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Thread: Nikon D3s exposure error

  1. #1

    Nikon D3s exposure error

    Nikon D3S Matrix and center weighted exposures are most often one or two stops off. I'll dial in exposure compensation with the sun behind me, but when I turn to face into the sun, say at 3pm, the exposure will be way off. What is the experience of other D3 shooters?

  2. #2
    Black Pearl's Avatar
    Join Date
    Jan 2011
    Whitburn, Sunderland
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    Re: Nikon D3s exposure error

    Post some examples - the metering in Nikon Pro bodies is one of the very best available so I'd be interested in seeing where and how you're getting incorrect exposures.

  3. #3

    Join Date
    May 2008

    Re: Nikon D3s exposure error

    Yeah, we need a lot more information...we have to see the images and also hear your description of what you thought you were accomplishing with the settings you changed.

    Matrix metering is unpredictable. If you want to set exposure manually, then use CW or Spot. If you want to set exposure automatically, use Matrix (contrary to commonly held views, the shooting mode has absolutely nothing to do with setting exposure manually or's all about the metering mode.)

    Matrix is designed to determine and apply its own exposure compensation. The camera evaluates the scene for color and luminance differences and distributions, as well as distance to focus point, and compares the current scene to a database of over 30,000 scenes. If it finds a match, it will apply the exposure compensation associated with that scene...which was determined by some Nikon photographer.

    Because of the way Matrix works, I doubt anyone can tell you why the camera meters one way or the other when using Matrix metering. CW and spot, however, are an entirely different story. The operation of CW and spot are reliable. They're usually reliably wrong, but their strength comes from their reliability...not accuracy.

    When you meter your scene in CW, it will average your scene to a mid-gray, with an emphasis on the center (meaning that the center will be moved closer to gray at the expense of the edges.) Now...if the center of your scene is a white house, then that house will come out gray. So you must apply your own exposure compensation to make the house white. THIS is manual exposure (and it's the same process regardless of the shooting mode.)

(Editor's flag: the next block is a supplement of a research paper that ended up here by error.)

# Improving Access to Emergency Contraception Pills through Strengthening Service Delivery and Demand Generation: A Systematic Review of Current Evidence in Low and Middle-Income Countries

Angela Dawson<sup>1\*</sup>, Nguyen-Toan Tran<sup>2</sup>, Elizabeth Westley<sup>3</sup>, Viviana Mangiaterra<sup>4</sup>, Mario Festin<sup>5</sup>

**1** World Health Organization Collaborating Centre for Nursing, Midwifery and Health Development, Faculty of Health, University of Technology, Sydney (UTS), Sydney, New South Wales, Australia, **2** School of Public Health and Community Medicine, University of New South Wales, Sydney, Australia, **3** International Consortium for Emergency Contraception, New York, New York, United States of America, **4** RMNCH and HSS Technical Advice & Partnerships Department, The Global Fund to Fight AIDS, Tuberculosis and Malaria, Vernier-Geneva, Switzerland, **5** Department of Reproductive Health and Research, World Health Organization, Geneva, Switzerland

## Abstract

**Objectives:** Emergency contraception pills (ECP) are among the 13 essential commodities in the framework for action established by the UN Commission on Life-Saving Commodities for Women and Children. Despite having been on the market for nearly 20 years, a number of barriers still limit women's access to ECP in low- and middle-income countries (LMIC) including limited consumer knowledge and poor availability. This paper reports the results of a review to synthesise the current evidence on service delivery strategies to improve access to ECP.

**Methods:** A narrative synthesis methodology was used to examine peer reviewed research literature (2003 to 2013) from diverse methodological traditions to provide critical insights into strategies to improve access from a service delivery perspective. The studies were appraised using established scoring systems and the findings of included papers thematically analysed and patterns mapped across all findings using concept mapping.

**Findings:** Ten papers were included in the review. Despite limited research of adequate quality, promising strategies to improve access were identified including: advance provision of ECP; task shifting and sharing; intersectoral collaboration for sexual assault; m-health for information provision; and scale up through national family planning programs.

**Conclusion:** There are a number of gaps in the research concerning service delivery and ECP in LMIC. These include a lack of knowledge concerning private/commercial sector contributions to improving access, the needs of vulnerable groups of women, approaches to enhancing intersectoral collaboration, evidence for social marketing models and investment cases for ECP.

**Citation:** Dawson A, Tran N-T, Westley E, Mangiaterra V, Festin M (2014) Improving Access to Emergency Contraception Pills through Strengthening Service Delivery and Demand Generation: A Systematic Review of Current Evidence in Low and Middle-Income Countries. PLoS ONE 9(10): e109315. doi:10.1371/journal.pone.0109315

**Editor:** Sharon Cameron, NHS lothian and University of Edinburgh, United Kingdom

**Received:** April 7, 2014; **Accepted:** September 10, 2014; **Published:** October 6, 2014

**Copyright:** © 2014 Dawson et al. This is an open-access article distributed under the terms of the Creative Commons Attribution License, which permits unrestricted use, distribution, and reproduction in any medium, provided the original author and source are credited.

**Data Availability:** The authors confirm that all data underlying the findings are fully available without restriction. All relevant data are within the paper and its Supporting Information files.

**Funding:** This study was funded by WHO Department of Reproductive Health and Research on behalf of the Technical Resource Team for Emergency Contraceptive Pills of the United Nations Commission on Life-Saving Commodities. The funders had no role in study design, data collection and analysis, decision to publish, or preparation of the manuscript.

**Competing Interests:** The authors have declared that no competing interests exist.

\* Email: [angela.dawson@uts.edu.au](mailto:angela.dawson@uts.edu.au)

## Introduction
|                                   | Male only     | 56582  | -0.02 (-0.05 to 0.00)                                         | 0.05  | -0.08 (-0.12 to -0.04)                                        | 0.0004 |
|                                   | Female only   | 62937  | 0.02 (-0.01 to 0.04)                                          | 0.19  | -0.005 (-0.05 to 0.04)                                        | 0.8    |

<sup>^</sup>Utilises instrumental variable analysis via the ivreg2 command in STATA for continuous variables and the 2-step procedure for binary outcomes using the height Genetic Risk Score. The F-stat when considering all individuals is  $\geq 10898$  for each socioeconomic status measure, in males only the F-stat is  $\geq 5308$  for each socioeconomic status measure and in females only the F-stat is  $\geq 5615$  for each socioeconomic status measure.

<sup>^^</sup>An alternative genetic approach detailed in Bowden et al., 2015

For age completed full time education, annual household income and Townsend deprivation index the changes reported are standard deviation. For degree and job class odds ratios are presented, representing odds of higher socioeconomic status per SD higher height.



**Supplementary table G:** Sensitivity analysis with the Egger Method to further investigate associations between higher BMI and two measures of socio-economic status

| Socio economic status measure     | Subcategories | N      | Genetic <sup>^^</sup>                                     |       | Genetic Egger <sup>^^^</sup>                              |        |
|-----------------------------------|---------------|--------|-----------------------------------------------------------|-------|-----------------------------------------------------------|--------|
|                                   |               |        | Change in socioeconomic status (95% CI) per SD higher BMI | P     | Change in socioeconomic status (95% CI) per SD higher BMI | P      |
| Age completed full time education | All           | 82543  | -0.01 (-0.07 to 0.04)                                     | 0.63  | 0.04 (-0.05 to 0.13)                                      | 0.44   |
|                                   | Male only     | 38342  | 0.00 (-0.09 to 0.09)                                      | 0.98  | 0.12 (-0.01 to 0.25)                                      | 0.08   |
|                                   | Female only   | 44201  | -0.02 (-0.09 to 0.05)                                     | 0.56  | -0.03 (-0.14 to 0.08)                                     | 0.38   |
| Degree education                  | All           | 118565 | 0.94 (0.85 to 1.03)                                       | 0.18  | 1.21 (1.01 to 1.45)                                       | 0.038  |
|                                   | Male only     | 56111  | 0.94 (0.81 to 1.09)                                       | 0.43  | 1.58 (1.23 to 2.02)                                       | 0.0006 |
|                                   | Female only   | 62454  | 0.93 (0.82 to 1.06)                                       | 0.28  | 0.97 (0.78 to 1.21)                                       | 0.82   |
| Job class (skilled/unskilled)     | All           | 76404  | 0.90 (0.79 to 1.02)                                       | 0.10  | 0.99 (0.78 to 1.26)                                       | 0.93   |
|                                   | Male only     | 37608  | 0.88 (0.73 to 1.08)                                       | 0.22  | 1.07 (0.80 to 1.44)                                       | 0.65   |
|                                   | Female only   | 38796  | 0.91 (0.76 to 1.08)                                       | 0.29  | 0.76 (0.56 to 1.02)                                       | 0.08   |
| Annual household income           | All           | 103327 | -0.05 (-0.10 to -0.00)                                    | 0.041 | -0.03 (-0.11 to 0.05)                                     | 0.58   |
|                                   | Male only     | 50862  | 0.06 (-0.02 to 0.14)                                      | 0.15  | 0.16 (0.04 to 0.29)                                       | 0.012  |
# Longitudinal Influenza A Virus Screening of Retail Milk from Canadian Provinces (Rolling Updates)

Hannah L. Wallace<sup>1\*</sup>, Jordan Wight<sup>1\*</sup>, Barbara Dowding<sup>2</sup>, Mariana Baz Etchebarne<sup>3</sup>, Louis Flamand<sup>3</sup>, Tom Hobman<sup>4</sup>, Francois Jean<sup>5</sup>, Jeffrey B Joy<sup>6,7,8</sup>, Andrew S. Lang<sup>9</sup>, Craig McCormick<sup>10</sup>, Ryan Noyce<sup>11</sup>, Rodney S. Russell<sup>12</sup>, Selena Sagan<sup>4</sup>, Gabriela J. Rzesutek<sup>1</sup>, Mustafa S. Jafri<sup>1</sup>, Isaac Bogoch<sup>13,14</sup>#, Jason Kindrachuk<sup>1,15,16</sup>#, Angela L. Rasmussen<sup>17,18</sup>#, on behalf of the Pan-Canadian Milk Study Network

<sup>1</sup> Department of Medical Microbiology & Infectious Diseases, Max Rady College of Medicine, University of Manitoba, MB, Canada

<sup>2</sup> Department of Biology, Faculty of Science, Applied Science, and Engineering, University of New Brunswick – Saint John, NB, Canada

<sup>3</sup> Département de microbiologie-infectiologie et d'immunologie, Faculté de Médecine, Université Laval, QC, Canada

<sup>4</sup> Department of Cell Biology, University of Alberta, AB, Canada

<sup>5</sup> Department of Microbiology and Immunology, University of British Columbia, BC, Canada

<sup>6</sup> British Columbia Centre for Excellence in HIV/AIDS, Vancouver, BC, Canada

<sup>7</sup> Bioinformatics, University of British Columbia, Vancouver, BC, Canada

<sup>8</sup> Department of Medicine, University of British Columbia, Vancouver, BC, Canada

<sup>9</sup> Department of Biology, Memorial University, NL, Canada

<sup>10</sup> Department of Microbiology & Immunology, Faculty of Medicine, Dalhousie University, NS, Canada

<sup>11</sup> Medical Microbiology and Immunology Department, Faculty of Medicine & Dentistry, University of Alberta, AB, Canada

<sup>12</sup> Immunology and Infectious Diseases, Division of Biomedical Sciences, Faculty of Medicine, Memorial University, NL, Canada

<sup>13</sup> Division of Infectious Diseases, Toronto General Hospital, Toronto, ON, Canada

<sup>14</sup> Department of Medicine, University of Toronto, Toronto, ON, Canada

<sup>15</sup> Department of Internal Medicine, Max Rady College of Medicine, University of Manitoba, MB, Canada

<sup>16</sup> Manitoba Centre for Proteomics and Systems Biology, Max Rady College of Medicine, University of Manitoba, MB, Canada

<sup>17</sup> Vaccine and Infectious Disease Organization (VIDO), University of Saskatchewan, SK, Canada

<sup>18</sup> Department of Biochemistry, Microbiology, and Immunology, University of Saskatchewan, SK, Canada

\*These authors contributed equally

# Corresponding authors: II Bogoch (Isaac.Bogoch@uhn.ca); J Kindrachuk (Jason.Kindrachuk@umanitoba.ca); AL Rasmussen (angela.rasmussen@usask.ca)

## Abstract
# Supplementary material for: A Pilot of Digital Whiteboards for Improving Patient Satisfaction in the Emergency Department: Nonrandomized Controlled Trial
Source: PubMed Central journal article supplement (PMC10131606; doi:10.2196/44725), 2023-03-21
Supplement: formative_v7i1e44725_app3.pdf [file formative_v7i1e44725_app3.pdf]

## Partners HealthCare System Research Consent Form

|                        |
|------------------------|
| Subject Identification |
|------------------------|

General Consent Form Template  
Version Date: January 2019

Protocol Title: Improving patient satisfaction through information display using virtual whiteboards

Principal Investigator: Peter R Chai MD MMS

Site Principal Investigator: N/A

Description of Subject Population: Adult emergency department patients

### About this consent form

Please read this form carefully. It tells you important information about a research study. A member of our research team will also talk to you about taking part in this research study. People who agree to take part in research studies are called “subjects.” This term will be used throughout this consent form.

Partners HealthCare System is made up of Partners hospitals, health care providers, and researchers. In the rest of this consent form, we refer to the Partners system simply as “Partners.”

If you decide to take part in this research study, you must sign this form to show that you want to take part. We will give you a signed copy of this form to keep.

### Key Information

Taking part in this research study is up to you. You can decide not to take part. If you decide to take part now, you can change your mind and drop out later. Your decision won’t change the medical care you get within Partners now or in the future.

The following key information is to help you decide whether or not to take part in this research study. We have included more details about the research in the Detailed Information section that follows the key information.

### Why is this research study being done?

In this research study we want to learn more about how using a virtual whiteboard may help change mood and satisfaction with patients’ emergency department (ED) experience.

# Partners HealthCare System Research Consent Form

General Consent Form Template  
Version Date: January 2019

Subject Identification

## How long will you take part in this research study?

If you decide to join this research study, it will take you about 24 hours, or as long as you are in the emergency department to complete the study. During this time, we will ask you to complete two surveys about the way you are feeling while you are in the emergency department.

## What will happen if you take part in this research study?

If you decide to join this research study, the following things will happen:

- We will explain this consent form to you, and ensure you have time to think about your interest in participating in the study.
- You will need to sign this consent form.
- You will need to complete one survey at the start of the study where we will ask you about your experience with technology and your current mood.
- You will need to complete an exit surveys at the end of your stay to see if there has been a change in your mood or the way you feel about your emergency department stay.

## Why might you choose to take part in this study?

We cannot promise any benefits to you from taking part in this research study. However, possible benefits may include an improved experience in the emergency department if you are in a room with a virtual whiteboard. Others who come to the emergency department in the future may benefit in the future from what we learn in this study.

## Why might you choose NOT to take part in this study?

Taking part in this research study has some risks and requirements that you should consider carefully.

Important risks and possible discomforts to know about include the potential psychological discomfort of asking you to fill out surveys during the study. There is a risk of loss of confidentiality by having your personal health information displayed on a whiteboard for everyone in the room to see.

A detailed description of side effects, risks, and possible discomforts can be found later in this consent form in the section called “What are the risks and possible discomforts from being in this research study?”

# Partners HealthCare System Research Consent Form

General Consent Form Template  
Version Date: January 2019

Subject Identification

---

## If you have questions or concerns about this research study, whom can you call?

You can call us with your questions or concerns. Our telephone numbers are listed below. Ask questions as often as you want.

When the sun is behind you, the sun is directly illuminating the objects in front of you. The white house in our imaginary scene is reflecting a lot of light, making the camera reduce you need to set positive exposure compensation to bring the house out of the gray and into the white.

    Now you turn to face the sun. What is in front of you? Is it a dark blue house? Now, everything in front of you is in shadow and reflecting less light...LOTS less. And that dark blue house isn't helping. The camera will increase its exposure and it will go further than it needs to because the dark blue house will cause the camera to overexpose. So you have a scene that causes overexposure with a camera that's already set to overexpose. The solution is to once again evaluate your subject and manually set your exposure. The dark blue house needs negative exposure compensation to bring the down from a mid blue to a dark blue.

    Of course, this is all speculation. Until we see your images and hear what you were trying to accomplish, we can't tell what's going on. Just keep in mind that exposure compensation is applied per subject...if you change your scene, you change your EC. That's why you have an option on your D3S to reset exposure compensation when the meter times out. It's b4:Easy Exposure Compensation, described on page 303 of the D3S manual. You can set EC for the scene, take a few shots, and then move on. By the time you shoot again, your meter would have turned off and your EC reset to 0.

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